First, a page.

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    Global and regional prevalence and incidence of LUPUS in low and-middle income countries: a systematic review and meta-analysis

    Fatoye, Francis ORCID logoORCID: https://orcid.org/0000-0001-7976-2013 and Gebrye, Tadesse ORCID logoORCID: https://orcid.org/0000-0001-7976-2013 (2021) Global and regional prevalence and incidence of LUPUS in low and-middle income countries: a systematic review and meta-analysis. In: Virtual ISPOR 2021, 17 May 2021 - 20 May 2021, Online.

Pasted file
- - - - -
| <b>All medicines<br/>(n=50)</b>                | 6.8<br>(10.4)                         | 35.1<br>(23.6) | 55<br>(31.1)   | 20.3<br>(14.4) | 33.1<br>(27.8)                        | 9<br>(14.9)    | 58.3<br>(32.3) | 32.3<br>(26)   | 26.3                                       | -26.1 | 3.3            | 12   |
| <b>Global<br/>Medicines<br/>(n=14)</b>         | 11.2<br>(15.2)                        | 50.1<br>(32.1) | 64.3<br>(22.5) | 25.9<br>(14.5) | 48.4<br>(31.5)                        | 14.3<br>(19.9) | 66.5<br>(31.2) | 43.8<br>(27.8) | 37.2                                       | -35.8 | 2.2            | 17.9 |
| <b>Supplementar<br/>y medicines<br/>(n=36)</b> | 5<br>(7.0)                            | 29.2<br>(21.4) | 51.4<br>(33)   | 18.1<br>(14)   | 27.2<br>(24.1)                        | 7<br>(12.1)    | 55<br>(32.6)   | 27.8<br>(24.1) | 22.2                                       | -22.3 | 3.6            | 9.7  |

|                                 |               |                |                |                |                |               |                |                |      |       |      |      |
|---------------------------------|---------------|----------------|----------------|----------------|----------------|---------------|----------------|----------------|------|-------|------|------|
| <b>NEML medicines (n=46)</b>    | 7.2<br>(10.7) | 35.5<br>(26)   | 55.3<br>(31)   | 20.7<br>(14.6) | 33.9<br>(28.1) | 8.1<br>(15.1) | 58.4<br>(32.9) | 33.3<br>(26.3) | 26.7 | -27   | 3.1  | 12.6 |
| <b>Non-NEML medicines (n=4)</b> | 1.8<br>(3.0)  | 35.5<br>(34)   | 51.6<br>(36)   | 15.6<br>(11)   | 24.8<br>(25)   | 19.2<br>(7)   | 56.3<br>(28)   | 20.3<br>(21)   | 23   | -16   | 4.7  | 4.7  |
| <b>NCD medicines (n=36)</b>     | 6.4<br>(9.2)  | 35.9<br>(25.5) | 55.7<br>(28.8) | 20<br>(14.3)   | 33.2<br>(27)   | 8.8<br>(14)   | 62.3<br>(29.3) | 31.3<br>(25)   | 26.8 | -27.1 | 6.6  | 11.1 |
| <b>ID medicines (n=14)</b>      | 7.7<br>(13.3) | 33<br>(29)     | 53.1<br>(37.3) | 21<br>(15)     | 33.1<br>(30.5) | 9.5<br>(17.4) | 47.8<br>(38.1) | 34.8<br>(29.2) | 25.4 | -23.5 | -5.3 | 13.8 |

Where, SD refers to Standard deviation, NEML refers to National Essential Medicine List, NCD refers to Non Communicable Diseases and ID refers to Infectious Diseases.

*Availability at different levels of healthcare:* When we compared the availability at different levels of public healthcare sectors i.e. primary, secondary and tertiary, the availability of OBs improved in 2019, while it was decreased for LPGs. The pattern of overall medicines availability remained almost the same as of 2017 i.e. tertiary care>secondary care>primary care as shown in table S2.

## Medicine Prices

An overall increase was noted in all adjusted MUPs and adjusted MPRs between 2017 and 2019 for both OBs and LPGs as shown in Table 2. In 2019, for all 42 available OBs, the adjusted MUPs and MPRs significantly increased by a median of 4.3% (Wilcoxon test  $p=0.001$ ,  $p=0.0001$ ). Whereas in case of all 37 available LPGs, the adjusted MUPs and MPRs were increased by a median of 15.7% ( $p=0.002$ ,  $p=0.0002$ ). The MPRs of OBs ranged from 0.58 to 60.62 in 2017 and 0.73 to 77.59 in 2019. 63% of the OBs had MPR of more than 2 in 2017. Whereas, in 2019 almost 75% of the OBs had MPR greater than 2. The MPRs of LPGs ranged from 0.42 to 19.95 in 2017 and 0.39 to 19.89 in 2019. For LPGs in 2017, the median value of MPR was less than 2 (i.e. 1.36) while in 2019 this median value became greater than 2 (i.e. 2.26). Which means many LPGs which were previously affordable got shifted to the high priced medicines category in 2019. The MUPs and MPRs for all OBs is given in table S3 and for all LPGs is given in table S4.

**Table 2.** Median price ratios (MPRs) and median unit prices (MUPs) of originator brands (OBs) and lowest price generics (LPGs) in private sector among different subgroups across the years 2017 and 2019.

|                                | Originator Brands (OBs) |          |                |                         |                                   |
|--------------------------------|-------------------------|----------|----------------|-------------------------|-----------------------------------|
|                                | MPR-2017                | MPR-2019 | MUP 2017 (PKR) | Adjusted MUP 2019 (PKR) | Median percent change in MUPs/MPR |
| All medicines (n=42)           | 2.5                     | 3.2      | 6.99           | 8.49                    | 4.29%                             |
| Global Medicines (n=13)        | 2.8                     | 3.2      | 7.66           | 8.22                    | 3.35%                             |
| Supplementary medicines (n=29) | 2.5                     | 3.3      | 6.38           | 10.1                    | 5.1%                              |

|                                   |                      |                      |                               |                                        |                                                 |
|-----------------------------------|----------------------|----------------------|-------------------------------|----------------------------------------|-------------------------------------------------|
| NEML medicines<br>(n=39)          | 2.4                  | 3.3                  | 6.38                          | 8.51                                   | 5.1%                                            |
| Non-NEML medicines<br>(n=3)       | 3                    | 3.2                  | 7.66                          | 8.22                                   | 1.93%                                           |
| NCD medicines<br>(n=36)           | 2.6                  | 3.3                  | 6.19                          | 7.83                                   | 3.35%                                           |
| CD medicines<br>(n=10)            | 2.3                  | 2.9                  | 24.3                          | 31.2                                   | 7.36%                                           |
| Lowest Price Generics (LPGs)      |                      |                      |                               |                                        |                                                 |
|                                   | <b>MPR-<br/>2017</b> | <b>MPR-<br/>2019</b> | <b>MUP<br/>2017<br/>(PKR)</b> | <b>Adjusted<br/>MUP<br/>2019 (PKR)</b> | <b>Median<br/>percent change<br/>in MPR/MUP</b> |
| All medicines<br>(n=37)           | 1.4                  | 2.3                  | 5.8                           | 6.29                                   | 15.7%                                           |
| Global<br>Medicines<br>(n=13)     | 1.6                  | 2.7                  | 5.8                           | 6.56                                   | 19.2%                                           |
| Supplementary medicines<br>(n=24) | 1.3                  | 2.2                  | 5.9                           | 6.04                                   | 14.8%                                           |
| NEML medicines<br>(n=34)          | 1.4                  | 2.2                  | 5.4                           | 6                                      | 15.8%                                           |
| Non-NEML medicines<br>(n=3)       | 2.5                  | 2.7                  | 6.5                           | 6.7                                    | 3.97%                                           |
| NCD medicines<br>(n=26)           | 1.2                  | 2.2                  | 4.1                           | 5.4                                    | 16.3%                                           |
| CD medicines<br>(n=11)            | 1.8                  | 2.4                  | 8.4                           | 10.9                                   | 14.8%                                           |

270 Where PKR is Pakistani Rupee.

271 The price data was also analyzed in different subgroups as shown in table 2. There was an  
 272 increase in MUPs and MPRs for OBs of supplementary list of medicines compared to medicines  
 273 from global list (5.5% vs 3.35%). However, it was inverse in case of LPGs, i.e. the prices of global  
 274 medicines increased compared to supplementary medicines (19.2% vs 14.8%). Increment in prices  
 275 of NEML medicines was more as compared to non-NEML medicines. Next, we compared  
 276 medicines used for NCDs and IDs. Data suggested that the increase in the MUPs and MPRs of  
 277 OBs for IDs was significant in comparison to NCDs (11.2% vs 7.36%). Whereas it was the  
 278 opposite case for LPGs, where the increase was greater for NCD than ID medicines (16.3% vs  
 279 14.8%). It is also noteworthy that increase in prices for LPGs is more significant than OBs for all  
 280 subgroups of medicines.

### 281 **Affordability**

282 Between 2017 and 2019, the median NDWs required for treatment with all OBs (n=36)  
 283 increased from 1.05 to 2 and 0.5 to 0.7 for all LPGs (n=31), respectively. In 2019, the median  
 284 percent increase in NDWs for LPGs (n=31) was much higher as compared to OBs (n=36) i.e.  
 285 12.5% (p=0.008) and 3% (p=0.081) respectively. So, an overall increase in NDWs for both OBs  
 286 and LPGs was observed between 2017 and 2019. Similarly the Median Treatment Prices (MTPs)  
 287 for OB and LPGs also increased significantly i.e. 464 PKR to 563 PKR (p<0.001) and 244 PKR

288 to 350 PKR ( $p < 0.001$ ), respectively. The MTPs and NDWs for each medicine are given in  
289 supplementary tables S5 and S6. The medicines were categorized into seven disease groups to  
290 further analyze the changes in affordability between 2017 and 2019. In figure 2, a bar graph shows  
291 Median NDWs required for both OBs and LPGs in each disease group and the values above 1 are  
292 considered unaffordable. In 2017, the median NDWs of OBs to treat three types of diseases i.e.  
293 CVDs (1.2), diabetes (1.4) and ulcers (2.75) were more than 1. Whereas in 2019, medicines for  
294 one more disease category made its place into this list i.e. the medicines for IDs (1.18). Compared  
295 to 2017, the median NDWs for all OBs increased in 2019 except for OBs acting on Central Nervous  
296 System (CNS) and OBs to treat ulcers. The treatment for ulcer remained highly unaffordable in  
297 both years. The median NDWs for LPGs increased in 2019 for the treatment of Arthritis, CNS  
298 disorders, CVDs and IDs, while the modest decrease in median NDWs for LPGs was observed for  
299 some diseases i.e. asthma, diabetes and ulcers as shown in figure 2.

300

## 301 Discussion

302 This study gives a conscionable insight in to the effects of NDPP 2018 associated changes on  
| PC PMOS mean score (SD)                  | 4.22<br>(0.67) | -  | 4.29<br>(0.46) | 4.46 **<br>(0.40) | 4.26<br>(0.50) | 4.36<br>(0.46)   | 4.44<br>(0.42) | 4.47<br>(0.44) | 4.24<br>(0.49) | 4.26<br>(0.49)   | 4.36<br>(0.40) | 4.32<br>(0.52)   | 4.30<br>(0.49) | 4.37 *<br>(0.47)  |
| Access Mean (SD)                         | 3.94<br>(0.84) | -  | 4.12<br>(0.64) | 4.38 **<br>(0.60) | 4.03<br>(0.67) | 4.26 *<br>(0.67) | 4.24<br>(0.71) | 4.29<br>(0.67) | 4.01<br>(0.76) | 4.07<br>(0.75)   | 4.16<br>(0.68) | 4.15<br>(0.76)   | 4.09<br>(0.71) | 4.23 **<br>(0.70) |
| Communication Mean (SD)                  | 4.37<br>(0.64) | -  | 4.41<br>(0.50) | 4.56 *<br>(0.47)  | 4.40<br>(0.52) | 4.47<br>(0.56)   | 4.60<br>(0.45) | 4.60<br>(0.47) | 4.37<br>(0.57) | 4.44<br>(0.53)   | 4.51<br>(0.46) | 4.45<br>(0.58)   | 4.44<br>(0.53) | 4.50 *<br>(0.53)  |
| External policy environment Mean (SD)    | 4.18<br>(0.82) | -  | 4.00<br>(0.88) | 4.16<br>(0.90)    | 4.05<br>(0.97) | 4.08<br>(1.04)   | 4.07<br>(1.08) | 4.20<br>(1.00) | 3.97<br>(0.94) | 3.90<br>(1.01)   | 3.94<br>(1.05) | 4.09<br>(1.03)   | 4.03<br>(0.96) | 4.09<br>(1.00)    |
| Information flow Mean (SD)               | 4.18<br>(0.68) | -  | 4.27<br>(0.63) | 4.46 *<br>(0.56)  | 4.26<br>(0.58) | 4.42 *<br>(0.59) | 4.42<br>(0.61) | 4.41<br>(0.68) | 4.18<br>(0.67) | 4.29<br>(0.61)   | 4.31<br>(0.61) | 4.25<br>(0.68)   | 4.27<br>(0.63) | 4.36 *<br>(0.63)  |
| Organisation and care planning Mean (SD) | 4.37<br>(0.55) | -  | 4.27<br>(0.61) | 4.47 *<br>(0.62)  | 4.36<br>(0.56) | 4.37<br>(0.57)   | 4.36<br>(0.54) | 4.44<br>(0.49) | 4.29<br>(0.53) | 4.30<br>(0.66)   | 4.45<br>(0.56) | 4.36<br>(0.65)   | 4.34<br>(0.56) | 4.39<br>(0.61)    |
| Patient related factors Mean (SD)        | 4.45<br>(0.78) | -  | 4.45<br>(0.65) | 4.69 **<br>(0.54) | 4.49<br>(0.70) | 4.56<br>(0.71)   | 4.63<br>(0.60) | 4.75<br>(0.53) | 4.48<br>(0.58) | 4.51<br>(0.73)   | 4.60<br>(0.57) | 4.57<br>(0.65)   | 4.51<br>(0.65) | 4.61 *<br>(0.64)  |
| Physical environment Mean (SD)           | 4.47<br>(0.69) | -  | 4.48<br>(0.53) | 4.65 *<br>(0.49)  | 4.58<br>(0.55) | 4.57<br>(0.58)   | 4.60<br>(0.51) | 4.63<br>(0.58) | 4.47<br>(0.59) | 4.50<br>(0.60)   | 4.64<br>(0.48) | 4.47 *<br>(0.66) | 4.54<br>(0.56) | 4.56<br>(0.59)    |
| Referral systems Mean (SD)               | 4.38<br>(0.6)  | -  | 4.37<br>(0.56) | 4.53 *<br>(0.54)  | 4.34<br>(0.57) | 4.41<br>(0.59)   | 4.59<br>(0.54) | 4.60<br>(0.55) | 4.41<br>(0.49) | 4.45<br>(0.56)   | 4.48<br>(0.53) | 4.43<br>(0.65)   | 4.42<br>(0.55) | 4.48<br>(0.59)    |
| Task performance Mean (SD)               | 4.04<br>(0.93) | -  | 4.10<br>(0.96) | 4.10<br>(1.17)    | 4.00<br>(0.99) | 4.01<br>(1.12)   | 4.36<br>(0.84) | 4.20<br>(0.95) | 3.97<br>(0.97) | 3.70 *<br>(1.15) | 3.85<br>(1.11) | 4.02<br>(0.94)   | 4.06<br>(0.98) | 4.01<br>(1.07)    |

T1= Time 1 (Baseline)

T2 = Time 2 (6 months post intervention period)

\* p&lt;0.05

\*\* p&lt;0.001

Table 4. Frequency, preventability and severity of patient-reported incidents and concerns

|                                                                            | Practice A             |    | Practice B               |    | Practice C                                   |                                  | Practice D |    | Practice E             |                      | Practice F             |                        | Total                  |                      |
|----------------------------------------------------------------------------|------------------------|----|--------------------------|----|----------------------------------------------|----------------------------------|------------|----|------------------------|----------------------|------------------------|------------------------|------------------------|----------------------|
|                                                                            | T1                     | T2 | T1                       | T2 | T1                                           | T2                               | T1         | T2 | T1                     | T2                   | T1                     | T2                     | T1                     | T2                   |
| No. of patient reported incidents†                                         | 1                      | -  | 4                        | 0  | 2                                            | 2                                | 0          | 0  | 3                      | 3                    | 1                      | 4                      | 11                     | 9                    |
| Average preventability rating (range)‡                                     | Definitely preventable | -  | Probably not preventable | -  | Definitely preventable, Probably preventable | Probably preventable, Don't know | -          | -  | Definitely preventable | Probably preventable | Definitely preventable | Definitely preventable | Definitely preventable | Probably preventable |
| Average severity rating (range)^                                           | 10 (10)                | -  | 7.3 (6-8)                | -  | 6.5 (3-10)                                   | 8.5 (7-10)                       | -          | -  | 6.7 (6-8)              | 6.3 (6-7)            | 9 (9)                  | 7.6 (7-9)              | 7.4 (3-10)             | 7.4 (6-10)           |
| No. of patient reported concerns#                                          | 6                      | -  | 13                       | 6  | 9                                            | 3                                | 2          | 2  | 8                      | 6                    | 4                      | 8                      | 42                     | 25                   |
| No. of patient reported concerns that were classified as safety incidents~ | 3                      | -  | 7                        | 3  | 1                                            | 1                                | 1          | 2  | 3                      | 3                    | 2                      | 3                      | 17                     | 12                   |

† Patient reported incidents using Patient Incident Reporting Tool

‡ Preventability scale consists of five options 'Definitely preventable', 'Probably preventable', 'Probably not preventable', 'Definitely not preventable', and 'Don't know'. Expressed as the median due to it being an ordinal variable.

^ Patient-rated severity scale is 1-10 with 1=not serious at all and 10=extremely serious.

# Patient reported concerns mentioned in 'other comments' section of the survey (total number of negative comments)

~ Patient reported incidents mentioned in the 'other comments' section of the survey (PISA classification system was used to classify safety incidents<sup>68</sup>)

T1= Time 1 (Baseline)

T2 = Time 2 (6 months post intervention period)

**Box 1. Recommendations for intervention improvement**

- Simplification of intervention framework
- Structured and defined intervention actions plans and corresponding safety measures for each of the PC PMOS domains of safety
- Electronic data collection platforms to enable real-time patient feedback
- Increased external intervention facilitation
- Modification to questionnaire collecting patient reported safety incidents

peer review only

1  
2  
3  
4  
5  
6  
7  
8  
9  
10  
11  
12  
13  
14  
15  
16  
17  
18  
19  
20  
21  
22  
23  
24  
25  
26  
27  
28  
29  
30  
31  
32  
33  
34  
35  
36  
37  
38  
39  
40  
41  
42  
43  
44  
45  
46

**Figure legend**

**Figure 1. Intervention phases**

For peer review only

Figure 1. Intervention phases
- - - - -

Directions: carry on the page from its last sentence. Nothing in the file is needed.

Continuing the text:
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    Background: Systemic lupus erythematosus (SLE) is a chronic autoimmune disease that causes inflammation of connective tissues. Evidence of the burden of SLE may be important to understand its economic, social and clinical consequences. The aim of this study was to systematically summarise the prevalence and incidence of SLE in low and-middle income countries (LMICs). Methods: A systematic search of MEDLINE, CINHAL, Web of Science and Global Index Medicus was carried out using keyword search terms for SLE combined with prevalence, incidence and epidemiology. The search was to identify papers addressing SLE in LMICs and published up to September 1, 2020. The prevalence and incidence of SLE were pooled through random effect model. Pooled estimates were expressed with 95% confidence intervals. Result: Out of 1757 papers, 16 studies were included. The mean age at diagnosis ranged from 25.5 to 45.8 years. The included studies were conducted in Argentina (n = 2), Brazil (n = 3), China (n = 2), Colombia, Greece, India, Malaysia, Pakistan, Venezuela, Zimbabwe and French Guiana. The SLE prevalence and incidence varied from 3.2 to 159 per 100,000 and 1.4 to 8.7 per 100,000 population, respectively. In the random effects meta-analysis (n = 8), the pooled prevalence of SLE was 120 (95% confidence interval [CI]:100 – 200) per 100,000. Meta‐analysis of data from six incidence studies revealed an incidence of 4 cases per year (95% CI: 2 – 6) per 100,000. According WHO regions, the pooled prevalence of American and Western Pacific regions was 300 (95% CI -200 – 900) and 36 (95% CI 35 – 37) per 100,000, respectively. The pooled incidence of the American region was 10 (95% 0 – 14) per 100,000 population. Conclusions: Our findings provide a comprehensive and up-to-date summary of the prevalence and incidence of SLE in LMICs. As SLE is an important threat to the population, health professionals and policymakers needs to put in place appropriate programmes to reduce the burden of SLE in LMICs.

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